labels: institutions, unit trust of india, investment - general
Cheers to the bourses news
Pradeep Rane
14 July 2002
Mumbai: Over the last couple of weeks, bank stocks have witnessed a rally. What exactly is the reason for the banks finding favour with the bourses? The answer is not far to seek. Marketmen are pinning their hopes on the recent ordinance issued by the central government, which would enable banks to recover sticky loans on their books.

The Indian banking industry has been dogged by non-performing assets (NPAs). The banks NPAs stand at Rs 63,963 and that of financial institutions (FIs) are of Rs 16,611 crore. But due to absence of a proper legal structure, banks were not able to recover these funds from corporate and other defaulters.

The government promulgated the Securitisation and Reconstruction of Financial Assets and Enforcement of Security Interest Ordinance (Sarfaesi). As per the ordinance the government seeks to take a three-pronged approach for recovering NPAs. These include: securitisation of assets, setting up of asset reconstruction companies and enforcement of security. By this, the banks and FIs will be empowered to go out and claim dues from defaulters.

The banks can henceforth securitise assets, which means they can issue bonds against the security of underlying assets, thereby unlocking funds presently locked up for the period of the loan. They can set up asset reconstruction companies (ARCs) to take over their NPAs at an appropriate price, relieving them of the hassle of carrying worthless assets on their balance sheets. Moreover, they will have the power to seize and sell assets held as collateral, making loan recovery.

All hurdles in the way to recover sticky loans like legal delays from the Board for Industrial and Financial Reconstruction (BIFC) have been removed. Under the ordinance, once an asset is transferred to an ARC, no reference can be made to BIFR, which was used corporates and other wilful defaulters from staying away from paying loans taken from banks and institutions.

The government has also spelt out the structure of the government-sponsored ARC. It is called Asset Reconstruction Company (India) (ARCIL). In this ARC, the government of India will hold 49 per cent indirectly, and IDBI and State Bank of India will each hold 24.5 per cent. Private players will account for 51 per cent, and ICICI Bank will hold the majority of 24.5 per cent. Of the remaining 26.5 per cent, HDFC Bank will hold 10 per cent, and IDBI Bank and UTI Bank the rest.

In addition, ARCIL will create a market for securitised debt. Economic affairs secretary C M Vasudev says: ARCIL will come under the regulatory ambit of the Reserve Bank of India. It will also comply with Securities and Exchange Board of India norms while issuing securities to the banks and FIs in exchange of assets. The proposed structure of ARC will be that of a services company (in contrast to an asset-based company), helping it to operate with a capital of just Rs 10 crore. ARCIL is expected to help the banks reduce their NPAs that stand at in excess of Rs 1,10,000 crore.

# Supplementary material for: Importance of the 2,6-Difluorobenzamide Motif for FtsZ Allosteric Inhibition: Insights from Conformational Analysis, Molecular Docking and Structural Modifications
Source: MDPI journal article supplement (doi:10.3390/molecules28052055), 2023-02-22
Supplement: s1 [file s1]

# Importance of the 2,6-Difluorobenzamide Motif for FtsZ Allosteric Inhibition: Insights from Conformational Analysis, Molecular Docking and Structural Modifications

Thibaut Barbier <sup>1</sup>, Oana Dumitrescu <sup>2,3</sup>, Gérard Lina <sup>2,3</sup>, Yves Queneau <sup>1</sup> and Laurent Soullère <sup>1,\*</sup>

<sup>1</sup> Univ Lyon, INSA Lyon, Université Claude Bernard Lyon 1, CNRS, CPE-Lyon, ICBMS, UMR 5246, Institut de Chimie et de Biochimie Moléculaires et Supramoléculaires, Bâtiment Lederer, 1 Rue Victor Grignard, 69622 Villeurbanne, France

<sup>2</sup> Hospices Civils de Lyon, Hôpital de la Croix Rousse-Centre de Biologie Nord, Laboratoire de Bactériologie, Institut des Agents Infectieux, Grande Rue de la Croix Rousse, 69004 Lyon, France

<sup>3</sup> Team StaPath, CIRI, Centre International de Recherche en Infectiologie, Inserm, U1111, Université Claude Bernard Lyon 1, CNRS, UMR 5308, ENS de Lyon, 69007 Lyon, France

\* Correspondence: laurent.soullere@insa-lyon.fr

ARCIL will perform a useful function by bringing 75 per cent of the debt-holders together and take management control of a defaulting company. It will then put the company up for an open auction. The proceeds of the auction will be passed on to the original debt-holders.

Says an analyst: Setting up an ARC has made a sort of optimism in the minds of market players, that the banking industry will be able to recover most of its sticky assets, which otherwise have to be written off. The banks now can improve their books with better recovery of funds from corporates.

Indian companies are for long borrowing funds from the banks and FIs and were not paying back these loans. Most of them time promoters of these companies divert funds to other shell companies, and in order to escape from asset recovery by the banks they seek refuge in BIFR or through court cases. If one sees the list of companies in the defaulters list it would read like the whos who of India Inc. In most of the cases, funds were allotted by the banks due to political pressure.

Whenever the government sought ways to improve NPA recovery, powerful industrial groups and corporate lobbies scuttled the move. The trend was even witnessed at last weeks meeting of the prime ministers council of industry and finance, where industrial associations opined that the ordinance is quite harsh.

They also demanded that the ordinance should be reviewed to take care of the borrowers rights. So Finance Minister Jaswant Singh assured them that the government will look into the issue. This is a classic case where corporates are trying to browbeat the government by staying away from paying their dues to the banks.

Unless the government strictly follows the spirit of the ordinance, the whole purpose of this legislation will serve no purpose. Worst, it can even cause further damage to the already-strained banks and FIs of India.



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